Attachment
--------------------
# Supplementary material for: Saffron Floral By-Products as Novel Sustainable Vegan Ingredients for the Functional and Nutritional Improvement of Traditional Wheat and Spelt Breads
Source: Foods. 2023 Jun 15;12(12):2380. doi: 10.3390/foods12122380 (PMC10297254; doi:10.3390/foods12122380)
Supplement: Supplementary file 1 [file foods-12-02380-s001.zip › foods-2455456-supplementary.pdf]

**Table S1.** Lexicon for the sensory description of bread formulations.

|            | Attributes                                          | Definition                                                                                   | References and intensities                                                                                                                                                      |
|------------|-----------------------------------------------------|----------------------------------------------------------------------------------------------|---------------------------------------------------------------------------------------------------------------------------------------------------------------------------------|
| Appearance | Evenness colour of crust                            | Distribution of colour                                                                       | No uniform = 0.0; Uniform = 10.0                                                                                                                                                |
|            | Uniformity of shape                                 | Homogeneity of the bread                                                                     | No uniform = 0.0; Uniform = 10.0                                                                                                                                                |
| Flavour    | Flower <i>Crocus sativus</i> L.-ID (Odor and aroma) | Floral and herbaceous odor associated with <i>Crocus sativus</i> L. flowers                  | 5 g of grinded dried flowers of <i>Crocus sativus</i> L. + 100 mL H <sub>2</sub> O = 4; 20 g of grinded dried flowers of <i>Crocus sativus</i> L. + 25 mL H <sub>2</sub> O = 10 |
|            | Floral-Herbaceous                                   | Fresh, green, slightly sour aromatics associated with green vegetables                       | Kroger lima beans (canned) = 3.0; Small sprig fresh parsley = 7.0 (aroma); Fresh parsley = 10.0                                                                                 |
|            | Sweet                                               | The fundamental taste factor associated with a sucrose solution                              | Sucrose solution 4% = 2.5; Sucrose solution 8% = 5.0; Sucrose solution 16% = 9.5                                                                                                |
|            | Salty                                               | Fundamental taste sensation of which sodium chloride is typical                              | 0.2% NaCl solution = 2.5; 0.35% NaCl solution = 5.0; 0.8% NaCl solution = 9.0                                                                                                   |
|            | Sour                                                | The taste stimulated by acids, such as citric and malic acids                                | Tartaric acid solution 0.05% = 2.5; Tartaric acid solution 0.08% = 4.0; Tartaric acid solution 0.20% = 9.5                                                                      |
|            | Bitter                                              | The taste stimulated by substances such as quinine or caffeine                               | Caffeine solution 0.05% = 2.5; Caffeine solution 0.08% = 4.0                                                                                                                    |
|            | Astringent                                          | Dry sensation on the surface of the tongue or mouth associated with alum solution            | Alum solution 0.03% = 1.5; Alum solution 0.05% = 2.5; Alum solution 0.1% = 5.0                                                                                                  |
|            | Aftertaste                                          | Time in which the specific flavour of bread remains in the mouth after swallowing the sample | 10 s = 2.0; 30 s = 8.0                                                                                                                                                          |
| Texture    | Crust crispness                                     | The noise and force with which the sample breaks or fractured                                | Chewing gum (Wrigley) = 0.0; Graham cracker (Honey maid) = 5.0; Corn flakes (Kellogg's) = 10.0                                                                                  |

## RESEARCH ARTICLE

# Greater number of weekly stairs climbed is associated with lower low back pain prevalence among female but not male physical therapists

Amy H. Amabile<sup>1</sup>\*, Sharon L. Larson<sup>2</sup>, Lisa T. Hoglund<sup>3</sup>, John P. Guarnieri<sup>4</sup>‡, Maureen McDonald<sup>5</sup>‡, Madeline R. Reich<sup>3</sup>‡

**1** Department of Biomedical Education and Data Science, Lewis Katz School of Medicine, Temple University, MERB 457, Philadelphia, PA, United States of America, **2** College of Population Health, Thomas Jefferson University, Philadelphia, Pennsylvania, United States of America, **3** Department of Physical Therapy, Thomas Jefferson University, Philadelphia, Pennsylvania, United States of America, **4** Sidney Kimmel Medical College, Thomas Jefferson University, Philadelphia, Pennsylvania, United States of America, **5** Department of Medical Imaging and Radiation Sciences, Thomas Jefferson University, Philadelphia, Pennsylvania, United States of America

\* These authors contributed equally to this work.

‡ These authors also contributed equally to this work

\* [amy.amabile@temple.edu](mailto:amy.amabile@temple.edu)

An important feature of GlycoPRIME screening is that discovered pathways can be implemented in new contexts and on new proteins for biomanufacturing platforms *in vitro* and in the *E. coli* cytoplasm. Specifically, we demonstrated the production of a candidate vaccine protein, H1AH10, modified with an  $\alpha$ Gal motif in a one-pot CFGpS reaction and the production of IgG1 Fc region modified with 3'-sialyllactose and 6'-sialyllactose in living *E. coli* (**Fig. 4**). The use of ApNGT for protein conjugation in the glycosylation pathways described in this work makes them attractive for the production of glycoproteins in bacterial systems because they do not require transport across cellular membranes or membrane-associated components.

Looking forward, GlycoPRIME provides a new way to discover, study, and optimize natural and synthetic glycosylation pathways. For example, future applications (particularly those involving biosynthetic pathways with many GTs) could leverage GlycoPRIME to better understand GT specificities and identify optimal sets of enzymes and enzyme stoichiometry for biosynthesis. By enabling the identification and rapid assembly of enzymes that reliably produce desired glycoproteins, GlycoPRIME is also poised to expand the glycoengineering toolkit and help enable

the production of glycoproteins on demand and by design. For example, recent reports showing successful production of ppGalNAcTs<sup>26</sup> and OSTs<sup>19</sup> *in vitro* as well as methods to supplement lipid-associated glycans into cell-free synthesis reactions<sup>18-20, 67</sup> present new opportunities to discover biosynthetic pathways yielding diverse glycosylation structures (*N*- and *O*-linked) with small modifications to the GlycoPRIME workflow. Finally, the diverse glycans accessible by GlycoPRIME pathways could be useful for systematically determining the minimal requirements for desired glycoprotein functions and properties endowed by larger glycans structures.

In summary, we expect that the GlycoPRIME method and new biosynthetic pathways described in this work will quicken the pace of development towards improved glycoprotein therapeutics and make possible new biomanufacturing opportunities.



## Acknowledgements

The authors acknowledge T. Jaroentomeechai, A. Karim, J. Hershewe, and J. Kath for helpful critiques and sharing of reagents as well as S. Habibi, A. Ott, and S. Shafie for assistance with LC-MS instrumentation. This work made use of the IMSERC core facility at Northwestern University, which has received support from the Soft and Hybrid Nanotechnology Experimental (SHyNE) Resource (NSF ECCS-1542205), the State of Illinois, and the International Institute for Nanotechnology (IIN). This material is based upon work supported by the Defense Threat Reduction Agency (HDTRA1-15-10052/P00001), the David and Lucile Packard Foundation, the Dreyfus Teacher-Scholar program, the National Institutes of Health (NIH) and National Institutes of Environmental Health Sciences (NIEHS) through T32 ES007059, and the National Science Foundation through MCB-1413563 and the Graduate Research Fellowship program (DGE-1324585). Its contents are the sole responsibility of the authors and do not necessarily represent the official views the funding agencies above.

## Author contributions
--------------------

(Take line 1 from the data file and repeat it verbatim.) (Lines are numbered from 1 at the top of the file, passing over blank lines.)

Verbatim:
# Supplementary material for: Saffron Floral By-Products as Novel Sustainable Vegan Ingredients for the Functional and Nutritional Improvement of Traditional Wheat and Spelt Breads